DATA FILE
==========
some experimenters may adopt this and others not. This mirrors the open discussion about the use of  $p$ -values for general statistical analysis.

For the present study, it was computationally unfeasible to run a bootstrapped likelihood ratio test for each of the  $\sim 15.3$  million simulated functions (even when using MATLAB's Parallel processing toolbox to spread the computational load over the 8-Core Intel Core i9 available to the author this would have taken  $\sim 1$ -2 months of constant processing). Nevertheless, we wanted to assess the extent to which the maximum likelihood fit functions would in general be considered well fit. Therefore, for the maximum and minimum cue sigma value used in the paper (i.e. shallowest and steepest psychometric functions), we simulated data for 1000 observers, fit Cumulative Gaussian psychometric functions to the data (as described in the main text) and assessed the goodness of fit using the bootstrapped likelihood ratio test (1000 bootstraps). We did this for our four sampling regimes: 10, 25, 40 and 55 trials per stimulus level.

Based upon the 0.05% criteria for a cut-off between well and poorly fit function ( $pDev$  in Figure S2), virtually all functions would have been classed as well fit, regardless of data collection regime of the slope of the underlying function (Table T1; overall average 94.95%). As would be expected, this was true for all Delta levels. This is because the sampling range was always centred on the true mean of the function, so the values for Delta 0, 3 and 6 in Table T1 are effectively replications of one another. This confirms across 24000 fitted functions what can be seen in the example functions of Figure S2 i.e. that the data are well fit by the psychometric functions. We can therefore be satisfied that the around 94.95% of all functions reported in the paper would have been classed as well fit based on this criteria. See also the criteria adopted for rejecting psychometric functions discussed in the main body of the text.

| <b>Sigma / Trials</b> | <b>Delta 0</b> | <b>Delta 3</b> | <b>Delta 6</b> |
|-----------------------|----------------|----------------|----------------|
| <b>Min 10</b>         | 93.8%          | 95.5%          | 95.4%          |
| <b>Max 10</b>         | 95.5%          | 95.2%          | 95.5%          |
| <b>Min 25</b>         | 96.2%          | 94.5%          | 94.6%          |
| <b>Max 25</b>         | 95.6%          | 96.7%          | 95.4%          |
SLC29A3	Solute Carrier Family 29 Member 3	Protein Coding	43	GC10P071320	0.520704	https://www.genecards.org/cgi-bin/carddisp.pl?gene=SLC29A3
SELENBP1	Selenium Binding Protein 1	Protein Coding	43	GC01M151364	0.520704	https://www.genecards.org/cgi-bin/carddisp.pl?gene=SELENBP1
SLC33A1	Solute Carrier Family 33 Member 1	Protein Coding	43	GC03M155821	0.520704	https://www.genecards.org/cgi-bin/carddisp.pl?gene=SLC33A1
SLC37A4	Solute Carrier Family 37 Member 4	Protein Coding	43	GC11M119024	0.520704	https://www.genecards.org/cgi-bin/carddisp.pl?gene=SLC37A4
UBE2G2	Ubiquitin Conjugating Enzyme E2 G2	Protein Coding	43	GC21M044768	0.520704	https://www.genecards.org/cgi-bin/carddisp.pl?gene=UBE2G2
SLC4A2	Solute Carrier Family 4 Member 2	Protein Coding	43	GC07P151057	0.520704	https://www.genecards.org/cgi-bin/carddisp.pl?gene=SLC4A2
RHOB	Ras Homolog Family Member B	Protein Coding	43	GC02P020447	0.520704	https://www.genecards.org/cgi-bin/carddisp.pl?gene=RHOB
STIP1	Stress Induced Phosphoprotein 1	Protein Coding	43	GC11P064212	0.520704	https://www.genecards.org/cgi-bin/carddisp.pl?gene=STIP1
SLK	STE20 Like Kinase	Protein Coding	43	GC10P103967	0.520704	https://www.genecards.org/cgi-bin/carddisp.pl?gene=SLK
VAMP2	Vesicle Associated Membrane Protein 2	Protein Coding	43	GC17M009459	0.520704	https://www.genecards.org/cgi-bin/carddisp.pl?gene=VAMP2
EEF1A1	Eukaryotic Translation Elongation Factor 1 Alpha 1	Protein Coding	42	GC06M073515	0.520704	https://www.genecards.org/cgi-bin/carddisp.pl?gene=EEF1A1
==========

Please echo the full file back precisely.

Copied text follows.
some experimenters may adopt this and others not. This mirrors the open discussion about the use of  $p$ -values for general statistical analysis.

For the present study, it was computationally unfeasible to run a bootstrapped likelihood ratio test for each of the  $\sim 15.3$  million simulated functions (even when using MATLAB's Parallel processing toolbox to spread the computational load over the 8-Core Intel Core i9 available to the author this would have taken  $\sim 1$ -2 months of constant processing). Nevertheless, we wanted to assess the extent to which the maximum likelihood fit functions would in general be considered well fit. Therefore, for the maximum and minimum cue sigma value used in the paper (i.e. shallowest and steepest psychometric functions), we simulated data for 1000 observers, fit Cumulative Gaussian psychometric functions to the data (as described in the main text) and assessed the goodness of fit using the bootstrapped likelihood ratio test (1000 bootstraps). We did this for our four sampling regimes: 10, 25, 40 and 55 trials per stimulus level.

Based upon the 0.05% criteria for a cut-off between well and poorly fit function ( $pDev$  in Figure S2), virtually all functions would have been classed as well fit, regardless of data collection regime of the slope of the underlying function (Table T1; overall average 94.95%). As would be expected, this was true for all Delta levels. This is because the sampling range was always centred on the true mean of the function, so the values for Delta 0, 3 and 6 in Table T1 are effectively replications of one another. This confirms across 24000 fitted functions what can be seen in the example functions of Figure S2 i.e. that the data are well fit by the psychometric functions. We can therefore be satisfied that the around 94.95% of all functions reported in the paper would have been classed as well fit based on this criteria. See also the criteria adopted for rejecting psychometric functions discussed in the main body of the text.

| <b>Sigma / Trials</b> | <b>Delta 0</b> | <b>Delta 3</b> | <b>Delta 6</b> |
|-----------------------|----------------|----------------|----------------|
| <b>Min 10</b>         | 93.8%          | 95.5%          | 95.4%          |
| <b>Max 10</b>         | 95.5%          | 95.2%          | 95.5%          |
| <b>Min 25</b>         | 96.2%          | 94.5%          | 94.6%          |
| <b>Max 25</b>         | 95.6%          | 96.7%          | 95.4%          |
SLC29A3	Solute Carrier Family 29 Member 3	Protein Coding	43	GC10P071320	0.520704	https://www.genecards.org/cgi-bin/carddisp.pl?gene=SLC29A3
SELENBP1	Selenium Binding Protein 1	Protein Coding	43	GC01M151364	0.520704	https://www.genecards.org/cgi-bin/carddisp.pl?gene=SELENBP1
SLC33A1	Solute Carrier Family 33 Member 1	Protein Coding	43	GC03M155821	0.520704	https://www.genecards.org/cgi-bin/carddisp.pl?gene=SLC33A1
SLC37A4	Solute Carrier Family 37 Member 4	Protein Coding	43	GC11M119024	0.520704	https://www.genecards.org/cgi-bin/carddisp.pl?gene=SLC37A4
UBE2G2	Ubiquitin Conjugating Enzyme E2 G2	Protein Coding	43	GC21M044768	0.520704	https://www.genecards.org/cgi-bin/carddisp.pl?gene=UBE2G2
SLC4A2	Solute Carrier Family 4 Member 2	Protein Coding	43	GC07P151057	0.520704	https://www.genecards.org/cgi-bin/carddisp.pl?gene=SLC4A2
RHOB	Ras Homolog Family Member B	Protein Coding	43	GC02P020447	0.520704	https://www.genecards.org/cgi-bin/carddisp.pl?gene=RHOB
STIP1	Stress Induced Phosphoprotein 1	Protein Coding	43	GC11P064212	0.520704	https://www.genecards.org/cgi-bin/carddisp.pl?gene=STIP1
SLK	STE20 Like Kinase	Protein Coding	43	GC10P103967	0.520704	https://www.genecards.org/cgi-bin/carddisp.pl?gene=SLK
VAMP2	Vesicle Associated Membrane Protein 2	Protein Coding	43	GC17M009459	0.520704	https://www.genecards.org/cgi-bin/carddisp.pl?gene=VAMP2
EEF1A1	Eukaryotic Translation Elongation Factor 1 Alpha 1	Protein Coding	42	GC06M073515	0.520704	https://www.genecards.org/cgi-bin/carddisp.pl?gene=EEF1A1